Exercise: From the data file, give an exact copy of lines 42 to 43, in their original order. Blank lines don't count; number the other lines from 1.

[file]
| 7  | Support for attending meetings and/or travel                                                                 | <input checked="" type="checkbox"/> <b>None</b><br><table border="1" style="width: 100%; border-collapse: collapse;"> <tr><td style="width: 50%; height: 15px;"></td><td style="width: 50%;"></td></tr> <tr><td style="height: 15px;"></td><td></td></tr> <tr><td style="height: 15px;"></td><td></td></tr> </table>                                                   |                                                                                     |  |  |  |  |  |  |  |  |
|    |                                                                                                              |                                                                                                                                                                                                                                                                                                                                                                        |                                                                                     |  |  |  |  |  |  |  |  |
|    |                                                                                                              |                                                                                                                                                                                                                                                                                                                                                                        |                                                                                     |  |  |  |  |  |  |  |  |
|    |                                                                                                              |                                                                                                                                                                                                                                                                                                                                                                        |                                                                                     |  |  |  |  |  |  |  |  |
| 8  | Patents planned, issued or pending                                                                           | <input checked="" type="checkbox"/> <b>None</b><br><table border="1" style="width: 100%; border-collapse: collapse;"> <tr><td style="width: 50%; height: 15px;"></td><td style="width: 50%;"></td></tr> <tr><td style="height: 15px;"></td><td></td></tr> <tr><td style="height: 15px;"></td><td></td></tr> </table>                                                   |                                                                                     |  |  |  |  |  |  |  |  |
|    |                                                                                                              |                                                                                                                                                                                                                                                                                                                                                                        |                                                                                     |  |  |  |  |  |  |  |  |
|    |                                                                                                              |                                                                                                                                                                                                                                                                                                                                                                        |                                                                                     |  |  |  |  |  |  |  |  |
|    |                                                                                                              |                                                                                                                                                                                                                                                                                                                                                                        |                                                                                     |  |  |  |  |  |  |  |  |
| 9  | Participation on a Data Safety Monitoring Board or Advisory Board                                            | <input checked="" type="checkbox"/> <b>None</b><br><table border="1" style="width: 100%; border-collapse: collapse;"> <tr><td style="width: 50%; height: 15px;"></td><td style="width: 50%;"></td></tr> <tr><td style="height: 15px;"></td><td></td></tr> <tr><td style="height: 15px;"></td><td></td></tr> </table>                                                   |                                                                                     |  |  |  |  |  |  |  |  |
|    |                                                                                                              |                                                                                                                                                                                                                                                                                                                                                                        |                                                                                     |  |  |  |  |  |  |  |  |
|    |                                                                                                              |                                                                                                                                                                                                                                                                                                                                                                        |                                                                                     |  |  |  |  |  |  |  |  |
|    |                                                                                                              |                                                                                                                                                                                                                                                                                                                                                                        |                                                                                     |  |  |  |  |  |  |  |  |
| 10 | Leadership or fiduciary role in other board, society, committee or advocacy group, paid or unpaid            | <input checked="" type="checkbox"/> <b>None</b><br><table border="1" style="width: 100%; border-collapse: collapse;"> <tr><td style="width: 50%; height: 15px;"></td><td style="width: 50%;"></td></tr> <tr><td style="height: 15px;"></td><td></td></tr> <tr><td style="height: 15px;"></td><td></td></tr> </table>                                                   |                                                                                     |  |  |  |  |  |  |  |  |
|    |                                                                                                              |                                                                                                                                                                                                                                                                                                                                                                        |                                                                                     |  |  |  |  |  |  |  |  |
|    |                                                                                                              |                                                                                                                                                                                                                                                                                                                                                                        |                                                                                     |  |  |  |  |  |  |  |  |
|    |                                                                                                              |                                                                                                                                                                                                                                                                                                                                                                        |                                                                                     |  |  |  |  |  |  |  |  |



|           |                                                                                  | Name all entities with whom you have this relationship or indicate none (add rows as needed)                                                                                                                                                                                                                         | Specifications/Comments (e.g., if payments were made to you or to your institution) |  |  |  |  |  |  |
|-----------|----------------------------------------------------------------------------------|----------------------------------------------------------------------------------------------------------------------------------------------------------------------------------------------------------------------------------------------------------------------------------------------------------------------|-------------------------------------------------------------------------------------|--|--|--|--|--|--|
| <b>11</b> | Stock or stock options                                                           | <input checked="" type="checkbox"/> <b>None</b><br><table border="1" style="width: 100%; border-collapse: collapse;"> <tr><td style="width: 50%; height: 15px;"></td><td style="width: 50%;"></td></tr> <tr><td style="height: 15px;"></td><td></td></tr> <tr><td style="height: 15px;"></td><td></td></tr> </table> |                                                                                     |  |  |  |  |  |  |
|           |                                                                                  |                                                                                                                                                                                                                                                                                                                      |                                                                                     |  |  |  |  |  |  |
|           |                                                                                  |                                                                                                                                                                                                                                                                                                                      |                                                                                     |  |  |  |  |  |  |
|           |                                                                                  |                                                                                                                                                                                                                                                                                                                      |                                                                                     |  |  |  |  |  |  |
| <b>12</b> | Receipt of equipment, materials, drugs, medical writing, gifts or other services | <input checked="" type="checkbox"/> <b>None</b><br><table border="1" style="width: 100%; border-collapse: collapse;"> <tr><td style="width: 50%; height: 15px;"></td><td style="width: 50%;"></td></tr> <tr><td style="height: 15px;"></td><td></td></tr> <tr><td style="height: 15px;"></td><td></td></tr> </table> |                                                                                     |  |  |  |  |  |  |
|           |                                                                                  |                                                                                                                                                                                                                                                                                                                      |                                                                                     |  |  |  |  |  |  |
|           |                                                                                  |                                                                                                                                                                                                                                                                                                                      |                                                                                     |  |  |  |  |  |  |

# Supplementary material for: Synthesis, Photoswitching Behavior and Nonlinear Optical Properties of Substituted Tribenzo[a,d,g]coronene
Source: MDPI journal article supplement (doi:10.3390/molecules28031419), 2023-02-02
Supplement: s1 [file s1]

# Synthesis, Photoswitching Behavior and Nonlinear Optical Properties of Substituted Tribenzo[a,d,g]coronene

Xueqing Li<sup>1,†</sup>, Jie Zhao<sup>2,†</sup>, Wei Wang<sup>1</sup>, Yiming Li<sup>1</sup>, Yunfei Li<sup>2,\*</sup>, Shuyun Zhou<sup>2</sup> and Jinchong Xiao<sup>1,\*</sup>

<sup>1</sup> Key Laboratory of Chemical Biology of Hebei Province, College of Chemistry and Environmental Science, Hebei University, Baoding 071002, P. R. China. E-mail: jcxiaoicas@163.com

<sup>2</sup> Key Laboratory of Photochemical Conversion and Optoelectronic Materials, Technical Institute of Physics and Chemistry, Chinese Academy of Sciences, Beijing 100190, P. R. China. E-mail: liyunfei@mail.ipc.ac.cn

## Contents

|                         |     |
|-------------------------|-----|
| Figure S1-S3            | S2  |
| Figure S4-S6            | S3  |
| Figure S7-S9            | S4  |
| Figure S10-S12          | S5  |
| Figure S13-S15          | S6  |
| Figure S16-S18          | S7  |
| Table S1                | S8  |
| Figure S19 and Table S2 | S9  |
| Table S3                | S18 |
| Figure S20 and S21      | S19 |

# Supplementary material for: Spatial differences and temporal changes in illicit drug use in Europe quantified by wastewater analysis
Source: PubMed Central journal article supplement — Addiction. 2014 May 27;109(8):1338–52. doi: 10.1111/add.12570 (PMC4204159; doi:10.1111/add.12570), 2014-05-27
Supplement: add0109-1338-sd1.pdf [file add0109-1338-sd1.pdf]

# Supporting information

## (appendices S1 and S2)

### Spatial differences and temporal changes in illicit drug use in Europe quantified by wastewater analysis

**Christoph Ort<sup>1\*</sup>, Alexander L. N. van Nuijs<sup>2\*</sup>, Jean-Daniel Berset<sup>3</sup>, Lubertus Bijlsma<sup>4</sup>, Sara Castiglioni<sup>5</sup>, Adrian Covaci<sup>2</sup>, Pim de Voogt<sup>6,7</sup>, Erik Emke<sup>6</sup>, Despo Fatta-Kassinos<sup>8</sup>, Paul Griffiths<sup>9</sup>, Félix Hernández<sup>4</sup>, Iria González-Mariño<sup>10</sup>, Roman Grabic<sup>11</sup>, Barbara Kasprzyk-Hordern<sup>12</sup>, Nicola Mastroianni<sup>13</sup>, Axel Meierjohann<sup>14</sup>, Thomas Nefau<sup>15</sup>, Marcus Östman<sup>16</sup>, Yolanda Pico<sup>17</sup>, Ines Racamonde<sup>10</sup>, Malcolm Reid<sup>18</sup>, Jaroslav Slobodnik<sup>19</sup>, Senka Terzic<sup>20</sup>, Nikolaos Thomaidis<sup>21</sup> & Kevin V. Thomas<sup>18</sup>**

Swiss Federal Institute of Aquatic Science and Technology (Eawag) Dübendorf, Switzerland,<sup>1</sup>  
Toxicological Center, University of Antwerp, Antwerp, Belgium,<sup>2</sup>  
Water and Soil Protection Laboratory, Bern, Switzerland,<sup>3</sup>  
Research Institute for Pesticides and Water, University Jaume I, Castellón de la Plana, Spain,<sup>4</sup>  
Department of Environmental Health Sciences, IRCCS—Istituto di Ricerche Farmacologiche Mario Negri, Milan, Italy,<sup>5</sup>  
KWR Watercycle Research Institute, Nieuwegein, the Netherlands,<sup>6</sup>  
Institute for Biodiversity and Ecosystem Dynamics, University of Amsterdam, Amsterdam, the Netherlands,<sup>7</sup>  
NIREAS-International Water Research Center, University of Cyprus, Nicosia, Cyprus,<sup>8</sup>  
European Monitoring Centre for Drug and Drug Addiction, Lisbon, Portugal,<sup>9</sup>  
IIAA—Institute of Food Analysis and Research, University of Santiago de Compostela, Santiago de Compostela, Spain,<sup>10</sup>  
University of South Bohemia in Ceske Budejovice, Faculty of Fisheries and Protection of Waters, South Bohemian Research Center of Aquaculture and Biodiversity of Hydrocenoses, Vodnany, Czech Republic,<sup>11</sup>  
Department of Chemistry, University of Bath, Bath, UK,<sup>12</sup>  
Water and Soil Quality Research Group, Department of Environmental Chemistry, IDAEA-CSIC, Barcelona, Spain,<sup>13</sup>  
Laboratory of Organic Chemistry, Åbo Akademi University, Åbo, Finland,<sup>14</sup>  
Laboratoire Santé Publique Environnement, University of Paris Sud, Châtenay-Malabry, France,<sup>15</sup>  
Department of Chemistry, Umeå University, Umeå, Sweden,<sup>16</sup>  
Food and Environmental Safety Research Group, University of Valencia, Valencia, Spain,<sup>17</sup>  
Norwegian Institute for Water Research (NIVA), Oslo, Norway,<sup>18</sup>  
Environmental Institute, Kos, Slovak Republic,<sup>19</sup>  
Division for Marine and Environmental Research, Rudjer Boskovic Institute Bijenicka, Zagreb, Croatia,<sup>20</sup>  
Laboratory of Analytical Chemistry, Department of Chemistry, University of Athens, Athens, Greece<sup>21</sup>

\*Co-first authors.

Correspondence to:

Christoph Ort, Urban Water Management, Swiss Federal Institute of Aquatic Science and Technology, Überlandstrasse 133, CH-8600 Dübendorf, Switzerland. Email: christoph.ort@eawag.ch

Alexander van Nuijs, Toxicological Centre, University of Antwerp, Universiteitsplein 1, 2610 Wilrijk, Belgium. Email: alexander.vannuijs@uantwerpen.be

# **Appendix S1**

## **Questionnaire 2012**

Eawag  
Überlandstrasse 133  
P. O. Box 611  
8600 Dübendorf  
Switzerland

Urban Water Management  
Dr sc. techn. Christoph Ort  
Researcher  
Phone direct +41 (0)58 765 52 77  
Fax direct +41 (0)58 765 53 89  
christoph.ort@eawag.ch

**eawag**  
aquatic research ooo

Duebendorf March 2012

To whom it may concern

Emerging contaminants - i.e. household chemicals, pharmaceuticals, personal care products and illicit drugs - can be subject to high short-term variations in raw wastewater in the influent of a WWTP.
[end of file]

| Table S1                | S8  |
| Figure S19 and Table S2 | S9  |